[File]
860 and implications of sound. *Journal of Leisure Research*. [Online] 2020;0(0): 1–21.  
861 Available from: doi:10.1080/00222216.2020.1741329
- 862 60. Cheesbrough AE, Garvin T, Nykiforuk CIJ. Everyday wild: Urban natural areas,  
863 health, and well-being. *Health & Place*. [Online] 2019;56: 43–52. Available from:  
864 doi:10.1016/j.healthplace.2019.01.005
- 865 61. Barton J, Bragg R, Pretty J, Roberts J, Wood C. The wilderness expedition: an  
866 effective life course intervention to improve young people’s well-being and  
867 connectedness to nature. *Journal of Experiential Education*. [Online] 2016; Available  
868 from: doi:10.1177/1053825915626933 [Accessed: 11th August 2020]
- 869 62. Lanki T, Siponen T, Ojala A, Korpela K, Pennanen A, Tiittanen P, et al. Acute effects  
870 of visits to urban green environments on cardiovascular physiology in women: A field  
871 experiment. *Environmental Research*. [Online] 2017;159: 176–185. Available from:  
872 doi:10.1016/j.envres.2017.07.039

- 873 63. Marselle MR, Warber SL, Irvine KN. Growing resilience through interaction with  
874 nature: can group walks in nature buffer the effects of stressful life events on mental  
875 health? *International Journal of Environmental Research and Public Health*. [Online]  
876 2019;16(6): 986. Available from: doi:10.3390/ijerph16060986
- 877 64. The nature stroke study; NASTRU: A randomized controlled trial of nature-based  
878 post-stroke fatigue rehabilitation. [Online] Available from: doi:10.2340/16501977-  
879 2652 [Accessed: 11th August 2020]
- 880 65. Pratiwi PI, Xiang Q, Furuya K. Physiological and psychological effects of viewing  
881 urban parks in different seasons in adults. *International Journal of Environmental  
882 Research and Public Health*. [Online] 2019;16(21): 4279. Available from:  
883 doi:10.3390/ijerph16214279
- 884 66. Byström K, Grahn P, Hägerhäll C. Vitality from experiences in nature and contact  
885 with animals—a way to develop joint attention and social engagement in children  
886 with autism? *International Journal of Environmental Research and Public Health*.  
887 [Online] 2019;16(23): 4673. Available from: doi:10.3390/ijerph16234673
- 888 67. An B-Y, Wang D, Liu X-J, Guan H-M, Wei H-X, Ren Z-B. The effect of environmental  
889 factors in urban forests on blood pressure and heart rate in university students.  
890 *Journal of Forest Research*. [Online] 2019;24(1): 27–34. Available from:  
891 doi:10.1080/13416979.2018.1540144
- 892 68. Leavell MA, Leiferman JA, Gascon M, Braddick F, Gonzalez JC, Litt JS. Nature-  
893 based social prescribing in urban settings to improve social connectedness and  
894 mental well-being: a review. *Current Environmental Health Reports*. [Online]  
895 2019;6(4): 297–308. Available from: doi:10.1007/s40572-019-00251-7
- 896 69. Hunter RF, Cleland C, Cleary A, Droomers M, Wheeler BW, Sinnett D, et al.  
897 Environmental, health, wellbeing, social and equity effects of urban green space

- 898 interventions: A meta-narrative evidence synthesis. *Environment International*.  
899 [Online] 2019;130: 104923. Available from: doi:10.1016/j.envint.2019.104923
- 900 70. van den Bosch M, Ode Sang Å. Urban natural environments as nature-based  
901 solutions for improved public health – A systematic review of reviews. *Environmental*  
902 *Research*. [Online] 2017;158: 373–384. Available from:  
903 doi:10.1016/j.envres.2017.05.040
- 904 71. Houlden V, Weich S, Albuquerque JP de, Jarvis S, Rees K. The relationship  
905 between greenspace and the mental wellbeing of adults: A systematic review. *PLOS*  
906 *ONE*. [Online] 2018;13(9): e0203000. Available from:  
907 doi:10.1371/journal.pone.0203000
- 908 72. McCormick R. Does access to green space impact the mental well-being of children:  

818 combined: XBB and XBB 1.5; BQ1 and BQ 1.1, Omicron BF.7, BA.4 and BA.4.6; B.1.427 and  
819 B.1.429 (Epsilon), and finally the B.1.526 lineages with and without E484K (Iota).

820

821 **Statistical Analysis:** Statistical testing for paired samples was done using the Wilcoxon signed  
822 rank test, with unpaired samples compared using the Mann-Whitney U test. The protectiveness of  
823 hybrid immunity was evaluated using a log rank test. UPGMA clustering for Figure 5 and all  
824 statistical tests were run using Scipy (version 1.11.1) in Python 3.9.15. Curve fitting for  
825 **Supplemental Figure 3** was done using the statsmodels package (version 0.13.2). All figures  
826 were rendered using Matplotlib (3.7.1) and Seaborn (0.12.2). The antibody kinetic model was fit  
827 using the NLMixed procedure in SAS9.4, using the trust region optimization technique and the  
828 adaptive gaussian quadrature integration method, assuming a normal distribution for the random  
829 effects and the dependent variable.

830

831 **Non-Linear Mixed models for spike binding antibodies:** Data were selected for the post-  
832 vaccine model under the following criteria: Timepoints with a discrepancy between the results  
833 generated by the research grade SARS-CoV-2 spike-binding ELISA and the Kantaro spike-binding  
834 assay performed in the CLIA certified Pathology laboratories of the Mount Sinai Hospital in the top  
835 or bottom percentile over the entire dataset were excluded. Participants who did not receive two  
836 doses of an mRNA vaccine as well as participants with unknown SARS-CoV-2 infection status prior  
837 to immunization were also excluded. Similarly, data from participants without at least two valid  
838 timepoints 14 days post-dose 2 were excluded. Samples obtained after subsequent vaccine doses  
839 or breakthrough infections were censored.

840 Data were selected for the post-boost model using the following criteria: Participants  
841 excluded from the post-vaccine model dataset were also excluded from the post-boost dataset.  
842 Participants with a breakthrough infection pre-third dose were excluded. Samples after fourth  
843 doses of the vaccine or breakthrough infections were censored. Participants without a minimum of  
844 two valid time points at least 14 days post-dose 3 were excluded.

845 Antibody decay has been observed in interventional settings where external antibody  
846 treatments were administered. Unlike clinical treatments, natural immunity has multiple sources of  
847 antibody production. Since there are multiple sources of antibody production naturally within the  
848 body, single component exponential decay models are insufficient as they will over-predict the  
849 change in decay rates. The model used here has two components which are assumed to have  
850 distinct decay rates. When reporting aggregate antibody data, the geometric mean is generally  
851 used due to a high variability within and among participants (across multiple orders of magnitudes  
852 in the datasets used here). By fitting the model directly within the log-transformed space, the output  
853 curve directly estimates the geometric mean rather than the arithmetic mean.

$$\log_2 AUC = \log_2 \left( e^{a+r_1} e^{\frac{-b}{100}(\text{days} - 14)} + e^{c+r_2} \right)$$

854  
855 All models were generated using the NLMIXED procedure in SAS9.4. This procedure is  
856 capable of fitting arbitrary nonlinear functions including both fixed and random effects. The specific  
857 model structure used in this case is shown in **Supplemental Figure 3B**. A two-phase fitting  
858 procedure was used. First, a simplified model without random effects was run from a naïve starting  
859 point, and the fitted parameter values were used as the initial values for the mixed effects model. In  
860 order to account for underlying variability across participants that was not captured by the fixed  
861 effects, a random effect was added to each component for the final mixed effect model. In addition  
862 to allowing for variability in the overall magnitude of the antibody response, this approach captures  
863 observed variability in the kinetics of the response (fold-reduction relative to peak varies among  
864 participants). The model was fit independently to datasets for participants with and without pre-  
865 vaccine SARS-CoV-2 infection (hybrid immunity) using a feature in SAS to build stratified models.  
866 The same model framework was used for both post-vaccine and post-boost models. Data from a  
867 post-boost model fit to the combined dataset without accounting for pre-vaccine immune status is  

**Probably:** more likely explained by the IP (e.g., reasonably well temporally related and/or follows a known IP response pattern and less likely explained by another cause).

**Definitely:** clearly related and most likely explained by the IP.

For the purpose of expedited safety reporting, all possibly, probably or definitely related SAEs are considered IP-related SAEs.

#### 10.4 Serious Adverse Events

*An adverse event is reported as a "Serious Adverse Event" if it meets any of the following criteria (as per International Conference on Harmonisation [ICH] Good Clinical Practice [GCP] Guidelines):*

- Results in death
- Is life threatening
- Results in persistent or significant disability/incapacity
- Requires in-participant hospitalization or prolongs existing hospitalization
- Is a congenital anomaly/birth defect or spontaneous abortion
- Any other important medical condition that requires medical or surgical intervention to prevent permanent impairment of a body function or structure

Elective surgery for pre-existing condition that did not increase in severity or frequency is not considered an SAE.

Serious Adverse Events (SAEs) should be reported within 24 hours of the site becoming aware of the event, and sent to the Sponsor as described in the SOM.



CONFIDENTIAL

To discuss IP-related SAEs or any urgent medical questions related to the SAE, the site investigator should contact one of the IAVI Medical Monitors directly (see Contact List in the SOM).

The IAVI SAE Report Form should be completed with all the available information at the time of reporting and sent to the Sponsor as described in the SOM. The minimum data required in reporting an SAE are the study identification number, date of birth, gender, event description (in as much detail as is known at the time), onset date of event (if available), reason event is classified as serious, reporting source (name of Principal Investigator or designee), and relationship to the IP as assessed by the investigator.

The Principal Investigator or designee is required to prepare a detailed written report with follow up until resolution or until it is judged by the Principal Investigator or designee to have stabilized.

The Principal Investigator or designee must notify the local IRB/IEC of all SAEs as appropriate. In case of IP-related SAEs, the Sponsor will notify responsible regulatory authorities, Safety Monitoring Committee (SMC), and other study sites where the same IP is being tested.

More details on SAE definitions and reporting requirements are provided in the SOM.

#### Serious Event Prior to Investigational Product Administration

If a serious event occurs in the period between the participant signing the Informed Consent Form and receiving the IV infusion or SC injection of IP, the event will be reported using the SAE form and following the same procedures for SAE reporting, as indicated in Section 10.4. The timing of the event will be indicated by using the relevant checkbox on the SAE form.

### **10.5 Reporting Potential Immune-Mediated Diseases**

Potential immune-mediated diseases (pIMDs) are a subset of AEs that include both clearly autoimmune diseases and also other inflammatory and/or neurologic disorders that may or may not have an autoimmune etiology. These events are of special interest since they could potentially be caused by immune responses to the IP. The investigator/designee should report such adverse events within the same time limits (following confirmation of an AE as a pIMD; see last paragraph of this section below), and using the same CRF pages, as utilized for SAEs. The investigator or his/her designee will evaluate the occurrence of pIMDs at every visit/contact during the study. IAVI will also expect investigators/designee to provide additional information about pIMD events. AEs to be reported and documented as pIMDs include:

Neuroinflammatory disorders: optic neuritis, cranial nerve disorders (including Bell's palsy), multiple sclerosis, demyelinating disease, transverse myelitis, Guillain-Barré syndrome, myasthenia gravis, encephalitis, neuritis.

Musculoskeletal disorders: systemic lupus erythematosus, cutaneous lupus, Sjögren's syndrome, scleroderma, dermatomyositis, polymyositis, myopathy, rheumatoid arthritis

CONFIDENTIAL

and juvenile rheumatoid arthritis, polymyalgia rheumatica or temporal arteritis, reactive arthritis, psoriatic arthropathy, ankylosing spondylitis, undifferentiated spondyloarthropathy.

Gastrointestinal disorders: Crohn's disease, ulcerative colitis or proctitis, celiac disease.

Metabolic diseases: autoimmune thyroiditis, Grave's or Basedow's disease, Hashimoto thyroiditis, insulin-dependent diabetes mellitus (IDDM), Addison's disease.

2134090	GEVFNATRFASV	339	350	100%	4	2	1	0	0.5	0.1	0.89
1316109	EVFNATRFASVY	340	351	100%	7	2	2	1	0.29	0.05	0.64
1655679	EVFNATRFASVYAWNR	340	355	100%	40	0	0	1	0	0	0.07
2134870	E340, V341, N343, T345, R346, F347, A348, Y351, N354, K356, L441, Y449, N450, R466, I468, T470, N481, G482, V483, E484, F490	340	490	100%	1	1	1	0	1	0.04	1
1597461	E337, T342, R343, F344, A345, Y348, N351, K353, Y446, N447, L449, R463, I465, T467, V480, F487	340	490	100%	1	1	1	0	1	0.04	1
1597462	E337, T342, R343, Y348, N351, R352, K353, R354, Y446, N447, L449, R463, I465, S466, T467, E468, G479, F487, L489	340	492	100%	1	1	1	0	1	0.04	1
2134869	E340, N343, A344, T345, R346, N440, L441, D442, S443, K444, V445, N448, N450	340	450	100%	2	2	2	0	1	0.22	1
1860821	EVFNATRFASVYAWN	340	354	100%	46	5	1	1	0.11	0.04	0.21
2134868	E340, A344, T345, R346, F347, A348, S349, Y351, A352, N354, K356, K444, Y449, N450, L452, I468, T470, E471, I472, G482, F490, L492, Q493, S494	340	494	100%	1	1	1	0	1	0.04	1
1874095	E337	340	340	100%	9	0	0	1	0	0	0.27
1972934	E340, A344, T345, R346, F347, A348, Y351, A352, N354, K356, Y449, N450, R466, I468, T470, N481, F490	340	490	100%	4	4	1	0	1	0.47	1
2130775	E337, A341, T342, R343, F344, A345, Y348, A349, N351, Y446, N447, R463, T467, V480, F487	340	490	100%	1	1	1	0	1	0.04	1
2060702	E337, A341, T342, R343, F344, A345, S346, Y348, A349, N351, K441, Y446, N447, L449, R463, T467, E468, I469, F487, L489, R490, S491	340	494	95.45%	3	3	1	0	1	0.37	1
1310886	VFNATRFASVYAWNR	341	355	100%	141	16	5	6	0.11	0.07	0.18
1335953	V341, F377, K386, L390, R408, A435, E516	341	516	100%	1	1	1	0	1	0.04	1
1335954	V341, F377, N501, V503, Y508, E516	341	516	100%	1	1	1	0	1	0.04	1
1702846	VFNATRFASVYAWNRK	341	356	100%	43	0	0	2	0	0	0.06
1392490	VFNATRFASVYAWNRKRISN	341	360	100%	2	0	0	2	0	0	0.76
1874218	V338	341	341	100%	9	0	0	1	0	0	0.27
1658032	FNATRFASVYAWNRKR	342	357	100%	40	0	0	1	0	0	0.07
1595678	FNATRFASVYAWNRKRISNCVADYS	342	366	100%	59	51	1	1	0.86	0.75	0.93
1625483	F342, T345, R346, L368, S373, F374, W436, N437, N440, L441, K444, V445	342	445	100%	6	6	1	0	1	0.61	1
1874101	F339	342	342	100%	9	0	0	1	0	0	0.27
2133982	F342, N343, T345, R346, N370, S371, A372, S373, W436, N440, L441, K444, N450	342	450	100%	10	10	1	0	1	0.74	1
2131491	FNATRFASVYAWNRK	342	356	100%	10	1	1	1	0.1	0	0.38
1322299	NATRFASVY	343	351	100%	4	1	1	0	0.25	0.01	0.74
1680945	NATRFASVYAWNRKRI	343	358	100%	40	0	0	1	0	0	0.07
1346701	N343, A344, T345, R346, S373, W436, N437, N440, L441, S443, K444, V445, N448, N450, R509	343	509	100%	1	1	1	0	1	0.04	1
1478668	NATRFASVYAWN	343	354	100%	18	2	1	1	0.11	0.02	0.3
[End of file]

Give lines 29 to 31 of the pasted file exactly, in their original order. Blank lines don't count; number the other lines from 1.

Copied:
- 888 67. An B-Y, Wang D, Liu X-J, Guan H-M, Wei H-X, Ren Z-B. The effect of environmental  
889 factors in urban forests on blood pressure and heart rate in university students.  
890 *Journal of Forest Research*. [Online] 2019;24(1): 27–34. Available from:  